To prepare Matera for welcoming back inhabitants and curious tourists, electricity, plumbing, ventilation and heating systems were installed under the alleys and these were restored back to its original look. The old cave-houses were converted and renovated to comfortable dwellings, while abandoned ones were transformed into hotels, B&Bs, restaurants, cafés and galleries.

The Sassi of Matera is now divided into Sasso Calveoso – where our hotel is located – and Sasso Barisano.

Water harvesting

Because of Matera’s terrain, getting water was a challenge. The ancient residents collected rainwater that ran through seepage for filtering before flowing into bell-shaped cisterns (palombaro).

Since houses were on top of each other, three or four families would share a cistern located at the lowest house level.
To have a better idea of how this works, Manicone brought us to La Raccolta delle Acque, the water harvesting museum.

Here, we got to see a typical house, domestic and communal cisterns, and canals around the houses that led rainwater to other parts of town to avoid flooding in case of overflowing rainwater.

Interior of Santa Lucia Alle Malve Rupestrian Church.

Aside from domestic cisterns, there were bigger palombari for the community’s use. The pillars of these palombari were carved from rocks with a vault height of more than 15 meters. It looked like an underground cathedral and is navigable by boat. Eels are put into these palombari to prevent water from stagnating.

The largest cistern, Palombaro Lungo, is found under Piazza Vittorio Veneto, but unfortunately it was not along our tour path.

These cisterns were eventually turned into houses, while domestic cisterns with its cold interior were used to store food, especially during winter time. Quite an ingenious technology during those times.

Cemetery and churches

The next important stop was on a cliff top overlooking the Gravina. This plateau is right above the former monastic complex and served as the local cemetery known as Cimitero Barbarico.

“This is the place where the dead are on top of the living,” Manicone joked.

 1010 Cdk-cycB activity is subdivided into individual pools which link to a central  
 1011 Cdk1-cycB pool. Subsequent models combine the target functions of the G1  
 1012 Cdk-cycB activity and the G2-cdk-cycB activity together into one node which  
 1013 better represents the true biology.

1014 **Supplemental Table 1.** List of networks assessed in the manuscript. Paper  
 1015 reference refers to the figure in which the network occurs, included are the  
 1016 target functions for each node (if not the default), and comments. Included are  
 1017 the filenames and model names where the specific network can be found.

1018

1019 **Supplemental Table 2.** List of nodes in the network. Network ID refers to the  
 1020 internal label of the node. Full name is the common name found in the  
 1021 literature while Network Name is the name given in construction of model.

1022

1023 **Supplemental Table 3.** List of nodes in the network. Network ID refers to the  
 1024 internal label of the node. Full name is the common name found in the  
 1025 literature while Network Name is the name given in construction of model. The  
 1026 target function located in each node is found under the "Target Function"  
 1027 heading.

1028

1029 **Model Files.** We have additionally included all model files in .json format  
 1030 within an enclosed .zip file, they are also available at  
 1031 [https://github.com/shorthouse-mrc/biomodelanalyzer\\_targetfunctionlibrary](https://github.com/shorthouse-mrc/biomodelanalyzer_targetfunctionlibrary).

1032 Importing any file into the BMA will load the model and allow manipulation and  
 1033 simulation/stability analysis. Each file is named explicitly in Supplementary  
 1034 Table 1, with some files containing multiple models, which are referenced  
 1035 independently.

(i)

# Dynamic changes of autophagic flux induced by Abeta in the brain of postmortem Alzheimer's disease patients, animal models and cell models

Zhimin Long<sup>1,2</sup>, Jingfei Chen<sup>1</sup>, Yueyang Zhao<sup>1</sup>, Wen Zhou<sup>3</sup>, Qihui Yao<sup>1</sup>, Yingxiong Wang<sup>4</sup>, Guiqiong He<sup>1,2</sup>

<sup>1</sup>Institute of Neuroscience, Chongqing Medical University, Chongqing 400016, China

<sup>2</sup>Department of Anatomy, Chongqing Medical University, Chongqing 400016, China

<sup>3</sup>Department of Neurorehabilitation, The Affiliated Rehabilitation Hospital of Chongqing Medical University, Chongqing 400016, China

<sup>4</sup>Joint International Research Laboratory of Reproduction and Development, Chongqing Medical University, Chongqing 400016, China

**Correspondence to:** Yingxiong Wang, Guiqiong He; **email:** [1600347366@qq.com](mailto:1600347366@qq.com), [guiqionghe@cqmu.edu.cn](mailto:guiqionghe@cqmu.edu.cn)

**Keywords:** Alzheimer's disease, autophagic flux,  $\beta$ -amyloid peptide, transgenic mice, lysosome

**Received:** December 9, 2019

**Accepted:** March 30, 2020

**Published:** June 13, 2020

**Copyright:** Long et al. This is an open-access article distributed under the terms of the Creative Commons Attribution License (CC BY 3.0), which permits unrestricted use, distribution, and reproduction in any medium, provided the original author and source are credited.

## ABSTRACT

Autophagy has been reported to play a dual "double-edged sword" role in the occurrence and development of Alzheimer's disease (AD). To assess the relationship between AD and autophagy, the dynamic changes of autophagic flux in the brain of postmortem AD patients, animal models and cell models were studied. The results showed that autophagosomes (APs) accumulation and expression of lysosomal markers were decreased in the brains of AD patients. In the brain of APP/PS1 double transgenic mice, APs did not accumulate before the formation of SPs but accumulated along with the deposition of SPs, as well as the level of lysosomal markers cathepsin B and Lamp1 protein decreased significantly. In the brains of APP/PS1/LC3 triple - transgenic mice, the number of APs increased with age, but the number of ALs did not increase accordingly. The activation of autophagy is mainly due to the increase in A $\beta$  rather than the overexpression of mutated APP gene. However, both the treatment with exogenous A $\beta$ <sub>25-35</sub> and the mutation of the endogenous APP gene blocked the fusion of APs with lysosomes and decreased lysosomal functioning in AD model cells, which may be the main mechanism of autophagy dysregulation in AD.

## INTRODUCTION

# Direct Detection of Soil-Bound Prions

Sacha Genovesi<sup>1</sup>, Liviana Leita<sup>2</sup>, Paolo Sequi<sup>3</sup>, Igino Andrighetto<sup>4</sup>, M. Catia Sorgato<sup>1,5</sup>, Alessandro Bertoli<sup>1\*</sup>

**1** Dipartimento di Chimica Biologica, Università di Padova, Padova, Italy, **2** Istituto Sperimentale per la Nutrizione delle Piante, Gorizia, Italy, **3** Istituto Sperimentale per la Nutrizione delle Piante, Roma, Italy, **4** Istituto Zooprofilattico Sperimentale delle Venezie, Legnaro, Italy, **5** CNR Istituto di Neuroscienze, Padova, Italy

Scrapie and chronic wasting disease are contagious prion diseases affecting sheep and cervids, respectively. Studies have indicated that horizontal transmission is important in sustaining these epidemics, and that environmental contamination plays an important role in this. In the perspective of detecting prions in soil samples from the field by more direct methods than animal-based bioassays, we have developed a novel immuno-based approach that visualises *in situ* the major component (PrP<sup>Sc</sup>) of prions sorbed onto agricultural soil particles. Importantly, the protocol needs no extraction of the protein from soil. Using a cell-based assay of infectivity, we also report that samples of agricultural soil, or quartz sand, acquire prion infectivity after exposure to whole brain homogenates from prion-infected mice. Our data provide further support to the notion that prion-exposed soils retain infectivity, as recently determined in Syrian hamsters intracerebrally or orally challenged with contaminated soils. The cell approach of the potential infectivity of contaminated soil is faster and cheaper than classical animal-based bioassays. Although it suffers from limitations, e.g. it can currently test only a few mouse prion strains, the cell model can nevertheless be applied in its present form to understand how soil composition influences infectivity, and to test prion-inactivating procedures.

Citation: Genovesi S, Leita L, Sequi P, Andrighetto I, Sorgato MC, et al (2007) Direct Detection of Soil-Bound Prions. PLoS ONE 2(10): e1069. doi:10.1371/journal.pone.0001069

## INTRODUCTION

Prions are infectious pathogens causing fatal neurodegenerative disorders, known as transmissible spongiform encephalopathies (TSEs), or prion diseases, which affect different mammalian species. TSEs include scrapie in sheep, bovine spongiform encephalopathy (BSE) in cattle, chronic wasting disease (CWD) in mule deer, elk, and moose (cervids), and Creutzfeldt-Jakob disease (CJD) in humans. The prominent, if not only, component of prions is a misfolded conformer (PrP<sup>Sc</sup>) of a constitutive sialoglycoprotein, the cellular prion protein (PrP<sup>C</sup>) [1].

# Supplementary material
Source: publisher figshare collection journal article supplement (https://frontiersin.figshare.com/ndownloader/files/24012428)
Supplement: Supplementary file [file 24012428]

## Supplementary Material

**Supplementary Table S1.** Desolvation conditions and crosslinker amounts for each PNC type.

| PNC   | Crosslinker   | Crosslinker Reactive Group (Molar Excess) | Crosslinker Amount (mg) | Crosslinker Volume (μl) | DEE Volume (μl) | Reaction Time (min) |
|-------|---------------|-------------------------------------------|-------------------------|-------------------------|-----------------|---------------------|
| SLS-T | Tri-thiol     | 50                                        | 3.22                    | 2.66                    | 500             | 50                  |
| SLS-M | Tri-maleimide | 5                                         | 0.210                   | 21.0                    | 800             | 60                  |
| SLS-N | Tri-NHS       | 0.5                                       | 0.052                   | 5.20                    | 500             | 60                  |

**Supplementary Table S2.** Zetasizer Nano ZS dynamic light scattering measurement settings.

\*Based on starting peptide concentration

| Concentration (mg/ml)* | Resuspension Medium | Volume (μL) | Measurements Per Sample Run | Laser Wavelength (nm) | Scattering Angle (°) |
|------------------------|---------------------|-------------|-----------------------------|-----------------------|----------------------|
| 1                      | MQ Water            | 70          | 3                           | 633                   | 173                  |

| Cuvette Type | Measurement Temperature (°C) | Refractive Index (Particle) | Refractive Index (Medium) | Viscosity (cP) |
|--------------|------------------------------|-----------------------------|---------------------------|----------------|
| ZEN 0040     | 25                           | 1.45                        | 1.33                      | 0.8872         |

The tombs, carved out of rocks, seem too small for normal humans. The tombs have small notches on the top edge to fit tombstones, although the tombstones are no longer around.
Manicone shared that his grandmother, together with other town ladies, strung up clothesline here to dry clothes faster.

There are about 155 churches around Matera, with others inside caves across the ravine. In the olden times, when shepherds got stranded by nightfall on the other side of the cliff, these cave-churches offered a place to sleep to survive the night.

Canals and cisterns inside La Raccolta delle Acque Water Harvesting Museum (below).

Bigger cave-churches referred to by locals as Chiese Rupestri (Rupestrian Churches) were mostly excavated by the Basilian monks fleeing persecution during the Byzantine Empire, the eastern half of the Roman Empire.

We visited the Santa Lucia Alle Malve, the first female monastic settlement of the Benedictine order. Originally dedicated to Sant’Agata (Saint Agatha) between 1217 and 1267, then to Santa Lucia and Sant’Agata, the convent finally became known simply as Santa Lucia.

The church has a nave and two aisles, with an apse separated by pillars. The left-hand aisle and nave were part of the original church, while the right-hand aisle was incorporated with the church in 1310.

Fragments of a fresco can still be seen on the wall, “depicting a holy monk, a probable Santa Lucia in 1537, the right side of the head of Sant’Agata and a left arm in Gothic style.”

On the first pillar on the left was a painting of Madonna and Child. The church was later converted into a residence. This is evident by the kitchen on the left side of the entrance door.

Manicone tells the story of Matera at an open area overlooking the ancient town.

Back to Caveoso

The two-hour walk brought us back to Sasso Caveoso where the San Pietro Caveoso church built in 1218 stands grandly. This was the church I saw the night we arrived and is within walking distance from our hotel.

Manicone ended his tour with showbiz gossip: the movie “Ben-Hur “was filmed last year in Matera, and the previous day he bumped into the film crew of the new “Wonder Woman.”

Matera was an unexpected, rare find on this trip. Isolated and long forgotten, people are now rediscovering this interesting, picturesque little town. Visitors are still lean compared to the other well-known Italian cities, but great things are in store for Matera.

No longer the disgrace of Italy, Matera on Oct. 17, 2014 was declared the Italian host of the European Capital Culture for 2019, together with Bulgaria’s Plovdiv.

Tourism has changed the fate of Matera, a place where once no one wanted to return. Although the modern town of Matera has high-end shops and upscale cafés, it is this timelessness and mystery that became the highlight of our trip. — First published in Tulay Fortnightly, Chinese-Filipino Digest 29, no. 4 (July 19-August 8, 2016): 14-16.